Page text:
I always enjoy myself when my friend The Clown stops by to hit a few balls. For one thing, she doesn’t speak, at least not in words, and that’s refreshing after a day of pie shop chatter. For another thing, she is cheerful, but not unbearably cheerful, like The Morning Guy’s Stepford Girlfriend. No, The Clown has a confident glow about her, a delight in every little thing she encounters, whether it’s an imaginary dog or a bucket of confetti.
The other night, The Clown came by with a golf cart full of her friends. I’ve known for some time that one of her primary interests in golf has been to drive the cart, but I don’t for the life of me know where she got one, or how she was able to fit so many other clowns into it. Apparently, clowns do believe in safety in numbers.
I could hear them coming down the road, from the direction of Pancho Villas, the radio tuned into the all-clown station: “Kathy’s Clown,” “Bozo Theme Song,” “Send in the Clowns,” “Bandy the Rodeo Clown,” and other big-top hits.
I’ve got to say, once the clowns arrived at the driving range, pretty much every one else suddenly looked very well dressed, no matter what bizarre get up they might have been wearing. Knickers, berets, argyle sweaters and matching socks? All those items seemed so conservative compared to polka-dot pantaloons and gigantic bow ties.
And by the same token, some of the super-sized drivers that I’ve see out here seemed tiny when placed next to the clubs that the clowns trotted out.
I noticed, too, that the clowns seemed to have more trouble with lost balls than most golfers do. I found this especially strange here at the Slice of Heaven 24-Hour Pie Shop and Driving Range, where it doesn’t really matter where any one ball goes. Joe Sparkle Jr. will find it eventually when he makes his painfully slow sweep of the range with the E-Z cart picker.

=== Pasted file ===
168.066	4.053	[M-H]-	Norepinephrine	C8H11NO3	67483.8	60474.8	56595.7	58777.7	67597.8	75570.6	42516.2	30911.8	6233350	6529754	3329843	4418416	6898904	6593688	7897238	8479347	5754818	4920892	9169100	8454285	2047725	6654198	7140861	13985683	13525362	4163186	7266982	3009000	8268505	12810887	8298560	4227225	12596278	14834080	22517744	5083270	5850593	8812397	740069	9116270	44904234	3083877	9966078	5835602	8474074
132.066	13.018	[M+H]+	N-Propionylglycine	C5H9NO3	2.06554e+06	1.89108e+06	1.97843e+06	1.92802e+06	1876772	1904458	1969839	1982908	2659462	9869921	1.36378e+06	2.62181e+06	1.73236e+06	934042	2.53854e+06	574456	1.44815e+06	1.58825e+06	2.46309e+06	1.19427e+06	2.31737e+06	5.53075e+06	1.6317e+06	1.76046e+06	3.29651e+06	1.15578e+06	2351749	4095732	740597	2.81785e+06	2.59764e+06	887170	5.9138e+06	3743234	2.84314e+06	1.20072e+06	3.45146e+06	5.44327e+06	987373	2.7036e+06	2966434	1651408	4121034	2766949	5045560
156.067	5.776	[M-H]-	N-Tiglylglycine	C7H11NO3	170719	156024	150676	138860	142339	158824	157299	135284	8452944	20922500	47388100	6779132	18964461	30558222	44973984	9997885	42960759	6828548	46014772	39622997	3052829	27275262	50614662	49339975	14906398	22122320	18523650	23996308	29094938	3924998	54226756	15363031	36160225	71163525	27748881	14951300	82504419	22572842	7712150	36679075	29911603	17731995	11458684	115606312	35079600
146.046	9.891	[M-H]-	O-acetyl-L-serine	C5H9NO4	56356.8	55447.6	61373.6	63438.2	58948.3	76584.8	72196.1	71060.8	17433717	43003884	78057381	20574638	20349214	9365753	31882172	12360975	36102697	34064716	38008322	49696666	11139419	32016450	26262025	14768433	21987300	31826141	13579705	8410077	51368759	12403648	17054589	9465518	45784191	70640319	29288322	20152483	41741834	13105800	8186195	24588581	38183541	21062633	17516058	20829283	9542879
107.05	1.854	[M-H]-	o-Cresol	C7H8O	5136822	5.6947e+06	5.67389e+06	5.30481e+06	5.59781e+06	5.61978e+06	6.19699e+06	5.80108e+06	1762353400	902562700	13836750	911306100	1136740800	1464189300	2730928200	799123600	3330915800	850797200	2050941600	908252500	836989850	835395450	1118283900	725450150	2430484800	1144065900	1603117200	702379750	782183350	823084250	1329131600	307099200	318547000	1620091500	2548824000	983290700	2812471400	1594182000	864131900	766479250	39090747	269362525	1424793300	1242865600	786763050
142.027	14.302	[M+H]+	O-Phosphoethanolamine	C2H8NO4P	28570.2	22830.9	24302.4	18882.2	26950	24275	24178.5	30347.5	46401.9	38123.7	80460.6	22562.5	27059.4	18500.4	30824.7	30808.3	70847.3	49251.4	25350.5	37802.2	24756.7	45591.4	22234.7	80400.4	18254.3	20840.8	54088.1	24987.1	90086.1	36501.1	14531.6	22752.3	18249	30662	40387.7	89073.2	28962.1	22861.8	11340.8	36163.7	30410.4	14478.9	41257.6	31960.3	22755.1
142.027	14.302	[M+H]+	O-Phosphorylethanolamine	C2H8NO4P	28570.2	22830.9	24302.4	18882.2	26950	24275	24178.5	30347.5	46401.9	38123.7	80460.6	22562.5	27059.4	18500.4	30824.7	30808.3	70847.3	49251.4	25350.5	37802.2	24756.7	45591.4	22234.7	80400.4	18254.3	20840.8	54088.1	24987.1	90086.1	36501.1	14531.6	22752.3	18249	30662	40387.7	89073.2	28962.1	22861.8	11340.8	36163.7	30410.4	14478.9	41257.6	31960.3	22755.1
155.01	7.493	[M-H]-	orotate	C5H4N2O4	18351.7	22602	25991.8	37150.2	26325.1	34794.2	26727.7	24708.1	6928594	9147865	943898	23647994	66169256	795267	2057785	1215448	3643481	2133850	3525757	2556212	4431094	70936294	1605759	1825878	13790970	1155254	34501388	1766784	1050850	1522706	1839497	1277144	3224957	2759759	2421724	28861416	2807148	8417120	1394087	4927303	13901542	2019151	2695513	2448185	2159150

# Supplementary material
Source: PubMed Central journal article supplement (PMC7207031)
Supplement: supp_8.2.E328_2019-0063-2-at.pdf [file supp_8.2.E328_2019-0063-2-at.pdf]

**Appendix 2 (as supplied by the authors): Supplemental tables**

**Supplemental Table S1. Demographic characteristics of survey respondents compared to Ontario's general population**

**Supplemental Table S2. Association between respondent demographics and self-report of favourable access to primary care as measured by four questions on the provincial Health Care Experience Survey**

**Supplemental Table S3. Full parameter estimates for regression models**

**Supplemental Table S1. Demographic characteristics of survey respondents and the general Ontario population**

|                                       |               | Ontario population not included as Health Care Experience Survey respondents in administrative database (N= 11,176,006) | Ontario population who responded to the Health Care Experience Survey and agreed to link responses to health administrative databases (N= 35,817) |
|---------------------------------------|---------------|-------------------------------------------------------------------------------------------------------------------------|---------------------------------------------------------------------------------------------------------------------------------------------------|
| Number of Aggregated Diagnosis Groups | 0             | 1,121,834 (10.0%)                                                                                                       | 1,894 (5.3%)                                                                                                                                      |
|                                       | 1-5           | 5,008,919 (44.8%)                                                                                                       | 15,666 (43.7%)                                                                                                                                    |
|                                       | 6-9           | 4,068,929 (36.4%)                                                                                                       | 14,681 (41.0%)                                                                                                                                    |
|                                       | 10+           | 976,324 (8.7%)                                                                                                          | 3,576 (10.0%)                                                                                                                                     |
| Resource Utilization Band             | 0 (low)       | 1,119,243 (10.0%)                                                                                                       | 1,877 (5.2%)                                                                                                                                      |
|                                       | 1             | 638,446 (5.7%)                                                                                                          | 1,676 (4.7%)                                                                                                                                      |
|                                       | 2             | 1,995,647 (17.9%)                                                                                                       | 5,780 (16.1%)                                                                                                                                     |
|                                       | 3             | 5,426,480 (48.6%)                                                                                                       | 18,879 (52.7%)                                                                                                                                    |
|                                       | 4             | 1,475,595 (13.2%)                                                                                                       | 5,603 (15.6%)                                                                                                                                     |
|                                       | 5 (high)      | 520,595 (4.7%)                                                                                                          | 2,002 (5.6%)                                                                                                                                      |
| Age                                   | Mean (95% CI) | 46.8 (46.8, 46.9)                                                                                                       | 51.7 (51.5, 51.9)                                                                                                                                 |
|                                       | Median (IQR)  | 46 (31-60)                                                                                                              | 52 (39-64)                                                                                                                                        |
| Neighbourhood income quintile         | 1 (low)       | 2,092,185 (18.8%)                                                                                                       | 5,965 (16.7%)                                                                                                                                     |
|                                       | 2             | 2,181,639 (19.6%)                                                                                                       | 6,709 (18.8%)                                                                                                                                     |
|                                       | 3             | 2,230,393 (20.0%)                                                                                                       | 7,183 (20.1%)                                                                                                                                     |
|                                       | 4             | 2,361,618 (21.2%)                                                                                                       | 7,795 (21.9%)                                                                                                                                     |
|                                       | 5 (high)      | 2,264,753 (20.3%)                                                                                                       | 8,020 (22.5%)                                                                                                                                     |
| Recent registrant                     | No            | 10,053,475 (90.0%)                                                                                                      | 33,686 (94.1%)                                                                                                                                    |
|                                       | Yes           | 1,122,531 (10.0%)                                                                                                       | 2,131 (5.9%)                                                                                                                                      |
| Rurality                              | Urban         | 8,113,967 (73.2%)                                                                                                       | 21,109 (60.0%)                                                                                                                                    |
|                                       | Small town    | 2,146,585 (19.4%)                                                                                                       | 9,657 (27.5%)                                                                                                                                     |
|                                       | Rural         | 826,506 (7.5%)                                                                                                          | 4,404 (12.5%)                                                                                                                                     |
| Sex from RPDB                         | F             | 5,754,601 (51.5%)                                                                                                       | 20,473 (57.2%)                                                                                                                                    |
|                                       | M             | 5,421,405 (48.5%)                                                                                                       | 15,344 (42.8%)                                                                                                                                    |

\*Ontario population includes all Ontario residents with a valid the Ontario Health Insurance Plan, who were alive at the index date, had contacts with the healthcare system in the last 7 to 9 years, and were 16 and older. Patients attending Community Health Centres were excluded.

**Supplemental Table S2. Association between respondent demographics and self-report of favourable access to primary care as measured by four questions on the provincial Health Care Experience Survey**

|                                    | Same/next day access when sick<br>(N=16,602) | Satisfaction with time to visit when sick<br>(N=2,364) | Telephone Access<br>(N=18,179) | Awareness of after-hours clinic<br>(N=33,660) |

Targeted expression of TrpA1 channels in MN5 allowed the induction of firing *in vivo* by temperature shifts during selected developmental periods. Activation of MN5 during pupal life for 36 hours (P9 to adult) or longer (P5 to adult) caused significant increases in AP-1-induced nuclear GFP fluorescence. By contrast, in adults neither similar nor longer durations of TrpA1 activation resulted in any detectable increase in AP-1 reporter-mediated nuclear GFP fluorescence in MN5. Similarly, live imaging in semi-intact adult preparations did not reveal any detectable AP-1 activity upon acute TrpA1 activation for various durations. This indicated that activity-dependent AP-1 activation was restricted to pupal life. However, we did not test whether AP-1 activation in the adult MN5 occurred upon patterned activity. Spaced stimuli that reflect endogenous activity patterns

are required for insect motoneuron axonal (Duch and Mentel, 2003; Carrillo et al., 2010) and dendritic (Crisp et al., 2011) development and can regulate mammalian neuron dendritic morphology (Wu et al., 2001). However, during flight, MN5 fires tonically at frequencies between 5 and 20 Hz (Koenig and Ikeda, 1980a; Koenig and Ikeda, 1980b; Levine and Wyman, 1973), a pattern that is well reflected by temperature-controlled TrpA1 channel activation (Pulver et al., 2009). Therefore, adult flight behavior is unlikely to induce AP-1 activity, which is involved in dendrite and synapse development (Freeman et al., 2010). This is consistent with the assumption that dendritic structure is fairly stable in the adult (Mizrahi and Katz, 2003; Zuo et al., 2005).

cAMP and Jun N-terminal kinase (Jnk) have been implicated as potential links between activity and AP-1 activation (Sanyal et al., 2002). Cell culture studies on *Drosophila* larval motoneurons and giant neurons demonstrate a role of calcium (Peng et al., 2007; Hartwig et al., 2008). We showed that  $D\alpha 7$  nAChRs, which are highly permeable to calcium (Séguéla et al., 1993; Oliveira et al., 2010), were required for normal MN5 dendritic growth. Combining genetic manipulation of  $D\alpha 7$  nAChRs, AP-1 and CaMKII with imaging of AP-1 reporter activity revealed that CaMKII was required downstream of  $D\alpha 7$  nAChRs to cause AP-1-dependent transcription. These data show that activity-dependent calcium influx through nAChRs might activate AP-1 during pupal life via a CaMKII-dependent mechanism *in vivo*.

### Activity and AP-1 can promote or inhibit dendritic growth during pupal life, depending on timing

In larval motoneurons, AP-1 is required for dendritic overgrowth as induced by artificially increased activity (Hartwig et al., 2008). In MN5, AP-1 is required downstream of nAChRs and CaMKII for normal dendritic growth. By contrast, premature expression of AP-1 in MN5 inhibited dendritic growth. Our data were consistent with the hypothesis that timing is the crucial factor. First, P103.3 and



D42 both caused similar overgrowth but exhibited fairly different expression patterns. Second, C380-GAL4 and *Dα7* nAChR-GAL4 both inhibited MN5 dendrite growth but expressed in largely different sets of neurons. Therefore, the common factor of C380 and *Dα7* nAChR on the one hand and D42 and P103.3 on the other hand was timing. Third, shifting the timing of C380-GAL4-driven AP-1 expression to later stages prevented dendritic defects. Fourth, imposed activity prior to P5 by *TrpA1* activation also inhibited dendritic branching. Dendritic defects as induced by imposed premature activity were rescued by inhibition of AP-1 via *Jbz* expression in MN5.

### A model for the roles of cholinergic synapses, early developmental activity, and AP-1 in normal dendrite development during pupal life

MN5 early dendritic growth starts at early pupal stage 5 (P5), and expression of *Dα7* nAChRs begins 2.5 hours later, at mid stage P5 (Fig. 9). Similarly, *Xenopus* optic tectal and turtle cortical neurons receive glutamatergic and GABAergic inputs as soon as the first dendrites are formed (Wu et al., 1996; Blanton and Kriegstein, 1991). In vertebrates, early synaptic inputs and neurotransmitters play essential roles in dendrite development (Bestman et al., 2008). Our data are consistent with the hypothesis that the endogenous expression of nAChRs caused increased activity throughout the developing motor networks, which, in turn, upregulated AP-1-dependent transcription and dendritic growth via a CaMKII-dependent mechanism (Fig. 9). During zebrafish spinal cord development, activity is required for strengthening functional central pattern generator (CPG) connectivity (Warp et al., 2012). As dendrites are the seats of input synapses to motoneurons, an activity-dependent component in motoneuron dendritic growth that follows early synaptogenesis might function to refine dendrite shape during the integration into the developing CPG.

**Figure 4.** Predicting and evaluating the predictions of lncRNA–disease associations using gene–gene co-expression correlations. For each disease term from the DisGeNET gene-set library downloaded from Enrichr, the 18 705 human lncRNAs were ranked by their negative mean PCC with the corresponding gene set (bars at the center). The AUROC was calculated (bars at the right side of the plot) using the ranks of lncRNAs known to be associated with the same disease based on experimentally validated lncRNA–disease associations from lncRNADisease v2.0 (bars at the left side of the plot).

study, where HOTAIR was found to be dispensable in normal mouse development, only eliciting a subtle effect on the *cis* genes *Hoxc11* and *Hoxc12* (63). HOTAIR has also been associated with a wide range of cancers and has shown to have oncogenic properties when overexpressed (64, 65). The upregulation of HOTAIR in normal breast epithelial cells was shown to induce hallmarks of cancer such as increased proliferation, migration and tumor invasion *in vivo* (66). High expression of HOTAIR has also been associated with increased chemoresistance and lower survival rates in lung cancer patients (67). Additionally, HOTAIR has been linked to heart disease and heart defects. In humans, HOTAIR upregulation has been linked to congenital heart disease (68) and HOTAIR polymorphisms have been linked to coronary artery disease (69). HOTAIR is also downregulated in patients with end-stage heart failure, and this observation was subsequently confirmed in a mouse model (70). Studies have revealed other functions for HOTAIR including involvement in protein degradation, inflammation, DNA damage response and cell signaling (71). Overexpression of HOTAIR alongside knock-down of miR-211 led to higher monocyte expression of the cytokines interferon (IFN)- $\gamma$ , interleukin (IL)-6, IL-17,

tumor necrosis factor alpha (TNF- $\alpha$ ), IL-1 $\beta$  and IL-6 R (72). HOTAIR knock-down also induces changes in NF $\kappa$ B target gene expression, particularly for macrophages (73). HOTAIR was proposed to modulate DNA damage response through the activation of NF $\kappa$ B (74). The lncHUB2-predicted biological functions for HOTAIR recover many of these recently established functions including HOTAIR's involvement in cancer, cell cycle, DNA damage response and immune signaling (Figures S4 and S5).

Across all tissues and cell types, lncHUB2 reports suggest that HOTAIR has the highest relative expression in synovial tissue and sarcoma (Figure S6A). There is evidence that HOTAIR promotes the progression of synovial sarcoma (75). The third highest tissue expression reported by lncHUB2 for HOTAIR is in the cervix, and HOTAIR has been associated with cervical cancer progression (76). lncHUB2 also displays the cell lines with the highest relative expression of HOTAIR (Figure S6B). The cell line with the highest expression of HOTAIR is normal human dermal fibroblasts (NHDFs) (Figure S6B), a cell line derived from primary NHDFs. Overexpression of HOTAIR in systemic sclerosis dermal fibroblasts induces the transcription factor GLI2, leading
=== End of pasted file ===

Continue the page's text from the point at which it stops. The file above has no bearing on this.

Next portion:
The clowns also tended to scrutinize each ball very closely — sometime with magnifying glasses or randomly assembled jurors — before they’d place it on the tee, with great exaggerated gestures. Sometimes they just juggled the balls and never hit any at all. Sometimes they hit joke balls that performed odd tricks such as boomeranging back toward the pie shop. I was not especially fond of that one.
I read recently about “Divot the Clown” who performs at golf events. I’m sure my clowns would never do that. I could tell that they hated to mix business and pleasure. They worked hard at being clowns, and for them, golf was sheer pleasure, especially since they could play just outside of a pie shop. Think about it. Clowns and pie? Yes, I do keep a lot of whipped cream on hand, just for them.
You, on the other hand, may want to come by some other night if you see the clown-car golf cart parked out front.
Sorry to be so tardy in getting this news to you, but the possibility of more of us playing golf in space may be a reality before we know it. Former NFL linebacker Ken Harvey is already hard at work training future space tourists to get in shape to have serious fun in zero gravity.
By the way, it’s not too late to contribute to my own zero-gravity fund so I can be the first person to eat pie in space. I’m still only about $5,000 short of what I need for my practice run.
Harvey, though, may be on to something by taking his “space sportilization” program to Abu Dhabi where people may well have a tad more disposable income than they do right now in SoFLA.
What’s really amazing to me, though, is that Harvey manages to make this concept seem downright boring:
I’m pretty sure that almost any two people at The Slice of Heaven 24-Hour Pie Shop and Driving Range could show more enthusiam for playing any sport in space than those two guys.
Ah, well. And we wonder why American kids are falling short in science?